Flappy Birds is an obvious phenomenon when discussing the topic of addictive difficult games; wherever you’d go during this phase, you would witness the public glued on their screen of their smartphone with a 8/10 chance that they were on this ridiculous app.

It’s no secret to the media that developer Dong Nguyen has created his “sequel” to the frustrating-to-near-impossible smartphone game, this time named ‘Swing Copters’.

The game mimics the difficulty of Flappy Bird and amplifies it to the level where you just don’t have the energy to input any more effort into the game – at least that was my case! Instead of tapping to elevate your character up/down as in Flappy Bird, this time Swing Copters takes on the approach of raising vertically. You tap the screen to start, where your character raises itself with its propeller hat; at the same time your character will automatically shift left and rise upwards at the same time, in order to avoid the obstacles at the side, you must tap again to continue raising upwards but now shifting to the right and not the left. It sounds easy enough? Of course the outcome isn’t though.

It's hardly playable!
It’s hardly playable!

The catch is that the automatic shifting of left/right is instantaneous, that there isn’t enough time to alter your control. The game also doesn’t have an easy manual, which amplifies the difficulty so much more if you don’t ask someone how the mechanics of the game works. So Dong Nguyen created this game, despite being upset about the reaction of Flappy Birds, only to create an almost carbon-copy mechanic of the game, just with slight variations. It’s only been released for two days, and I’m sure that the fan reception is still to come. But when it does, my question I’m sure to ask everyone playing it is “why do you actually play this game?”

When I play a video game, I play it out of enjoyment and thrill. I enjoy wondering around different worlds, solving puzzles, jumping around or shooting enemies. Granted, mobile games have a different style than what these console/PC games I’ve described can offer. I rarely play mobile games anymore. I find there to be no use to just play (what can very well be) complex and engaging puzzles just to pass the time when sitting in a train or such. Actually instead I’ve been pushing myself to stay very well away from using my technological products when out in the public so that way I embrace life more. Even so, when people do play many mobile games, they do gain a sense of satisfaction and comfort in playing these games. However games such as Flappy Bird and Swing Copter are different; the reaction I see is more grunts, screams and shouts of anger, and in a few cases – people actually breaking down in tears.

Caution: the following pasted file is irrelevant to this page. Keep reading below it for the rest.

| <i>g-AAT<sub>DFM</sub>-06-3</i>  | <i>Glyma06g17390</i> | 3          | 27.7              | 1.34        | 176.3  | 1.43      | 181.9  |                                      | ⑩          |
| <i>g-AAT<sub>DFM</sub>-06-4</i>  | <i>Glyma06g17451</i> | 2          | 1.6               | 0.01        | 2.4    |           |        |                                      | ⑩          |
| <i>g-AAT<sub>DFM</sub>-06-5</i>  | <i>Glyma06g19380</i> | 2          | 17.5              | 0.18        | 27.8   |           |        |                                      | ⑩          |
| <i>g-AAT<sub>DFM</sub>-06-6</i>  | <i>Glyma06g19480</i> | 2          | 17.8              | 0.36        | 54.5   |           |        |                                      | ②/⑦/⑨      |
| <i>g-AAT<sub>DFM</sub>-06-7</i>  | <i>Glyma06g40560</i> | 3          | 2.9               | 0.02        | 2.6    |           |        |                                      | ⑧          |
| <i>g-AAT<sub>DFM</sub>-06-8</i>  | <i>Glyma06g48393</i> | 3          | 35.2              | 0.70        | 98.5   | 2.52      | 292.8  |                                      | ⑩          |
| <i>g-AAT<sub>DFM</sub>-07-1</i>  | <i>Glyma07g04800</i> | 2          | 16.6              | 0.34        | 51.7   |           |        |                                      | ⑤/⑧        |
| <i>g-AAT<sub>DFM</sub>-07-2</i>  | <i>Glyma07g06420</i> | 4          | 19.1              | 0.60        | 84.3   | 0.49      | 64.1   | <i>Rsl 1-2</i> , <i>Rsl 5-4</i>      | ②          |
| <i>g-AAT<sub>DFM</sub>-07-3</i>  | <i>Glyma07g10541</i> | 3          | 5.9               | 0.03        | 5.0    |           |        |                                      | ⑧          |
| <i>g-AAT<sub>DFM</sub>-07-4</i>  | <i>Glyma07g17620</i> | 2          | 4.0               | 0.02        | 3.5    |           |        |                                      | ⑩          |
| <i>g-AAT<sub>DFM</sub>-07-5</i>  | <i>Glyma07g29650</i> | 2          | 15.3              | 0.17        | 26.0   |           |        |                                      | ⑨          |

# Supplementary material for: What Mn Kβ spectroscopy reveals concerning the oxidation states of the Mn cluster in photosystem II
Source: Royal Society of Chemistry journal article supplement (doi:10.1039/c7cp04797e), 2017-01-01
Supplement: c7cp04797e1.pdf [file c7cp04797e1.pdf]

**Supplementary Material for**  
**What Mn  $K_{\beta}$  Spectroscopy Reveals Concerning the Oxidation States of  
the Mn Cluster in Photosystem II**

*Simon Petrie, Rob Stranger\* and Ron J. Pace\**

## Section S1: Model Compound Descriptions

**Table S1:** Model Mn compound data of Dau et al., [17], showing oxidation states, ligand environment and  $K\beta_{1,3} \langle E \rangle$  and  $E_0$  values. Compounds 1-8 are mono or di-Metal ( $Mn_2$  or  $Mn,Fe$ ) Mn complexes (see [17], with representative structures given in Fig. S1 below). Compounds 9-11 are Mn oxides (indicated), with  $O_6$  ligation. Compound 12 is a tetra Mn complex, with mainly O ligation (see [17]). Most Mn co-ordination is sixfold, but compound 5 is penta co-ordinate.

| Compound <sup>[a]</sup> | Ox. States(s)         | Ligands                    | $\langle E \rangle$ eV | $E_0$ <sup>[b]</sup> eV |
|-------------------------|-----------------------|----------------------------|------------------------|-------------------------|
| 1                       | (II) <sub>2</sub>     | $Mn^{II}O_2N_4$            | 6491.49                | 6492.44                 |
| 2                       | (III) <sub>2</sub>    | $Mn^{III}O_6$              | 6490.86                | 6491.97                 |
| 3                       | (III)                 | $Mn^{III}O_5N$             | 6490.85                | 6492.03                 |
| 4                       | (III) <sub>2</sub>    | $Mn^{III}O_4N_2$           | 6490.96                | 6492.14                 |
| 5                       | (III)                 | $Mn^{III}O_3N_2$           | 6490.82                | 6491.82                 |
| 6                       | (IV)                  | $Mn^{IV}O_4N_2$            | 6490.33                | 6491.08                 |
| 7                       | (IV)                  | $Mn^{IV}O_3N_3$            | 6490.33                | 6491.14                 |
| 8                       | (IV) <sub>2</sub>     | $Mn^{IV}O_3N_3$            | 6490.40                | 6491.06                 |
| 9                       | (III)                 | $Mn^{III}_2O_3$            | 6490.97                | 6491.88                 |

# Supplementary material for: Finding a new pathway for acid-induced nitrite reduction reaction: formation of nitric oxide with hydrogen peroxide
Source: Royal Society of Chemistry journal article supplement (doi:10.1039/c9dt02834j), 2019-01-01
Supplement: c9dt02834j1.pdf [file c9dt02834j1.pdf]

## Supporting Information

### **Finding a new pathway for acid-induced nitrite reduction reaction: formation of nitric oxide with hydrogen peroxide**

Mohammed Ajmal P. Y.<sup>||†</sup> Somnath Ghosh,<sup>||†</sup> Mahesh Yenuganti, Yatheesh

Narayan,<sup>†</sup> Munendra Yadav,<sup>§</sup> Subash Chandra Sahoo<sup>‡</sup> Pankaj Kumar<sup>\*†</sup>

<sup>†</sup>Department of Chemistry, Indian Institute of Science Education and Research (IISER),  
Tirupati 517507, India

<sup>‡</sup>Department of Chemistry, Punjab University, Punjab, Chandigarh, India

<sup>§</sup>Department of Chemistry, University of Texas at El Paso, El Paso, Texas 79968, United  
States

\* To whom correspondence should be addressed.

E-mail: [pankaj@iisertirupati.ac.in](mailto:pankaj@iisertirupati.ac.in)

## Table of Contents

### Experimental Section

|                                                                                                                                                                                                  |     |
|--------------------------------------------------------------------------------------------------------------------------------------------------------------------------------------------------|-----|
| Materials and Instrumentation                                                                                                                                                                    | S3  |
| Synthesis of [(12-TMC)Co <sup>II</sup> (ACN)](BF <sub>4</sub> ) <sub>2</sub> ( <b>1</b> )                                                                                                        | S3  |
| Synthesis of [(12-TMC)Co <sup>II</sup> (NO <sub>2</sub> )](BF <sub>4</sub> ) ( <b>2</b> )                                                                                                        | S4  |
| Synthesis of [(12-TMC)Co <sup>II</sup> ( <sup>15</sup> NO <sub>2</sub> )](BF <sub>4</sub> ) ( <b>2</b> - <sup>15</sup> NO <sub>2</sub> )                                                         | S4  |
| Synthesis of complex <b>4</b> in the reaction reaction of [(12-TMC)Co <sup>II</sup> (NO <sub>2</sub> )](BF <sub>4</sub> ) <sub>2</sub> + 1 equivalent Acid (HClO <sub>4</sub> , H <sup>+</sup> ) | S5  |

So what is the source of this addiction? It certainly isn’t the comfort which I discussed about earlier, but it does somehow link to satisfaction. As a standard consumer watches other peers downloading a game and playing it, they’ll become compelled to do the same. Once they do so, they will ask “what’s your high score?” and from that moment on a war is ignited with the rest of society until you can raise you score to the highest bar possible – which is quite the impossible task! These people mainly aren’t addicted because they enjoy it, but rather the competitive instincts in us as human beings cause this addiction to occur.

One can only hope that Swing Copters doesn’t receive the high media attention which Flappy Birds once received (yes, I know I’m contradicting myself by posting this article, but mine is bringing negative press), and instead leaves the ludicrous app to just fade away – as that way, no one will be compelled to become addicted to it!

Do you have another theory / thoughts on the addiction to impossible games? Share your thoughts in the comments!

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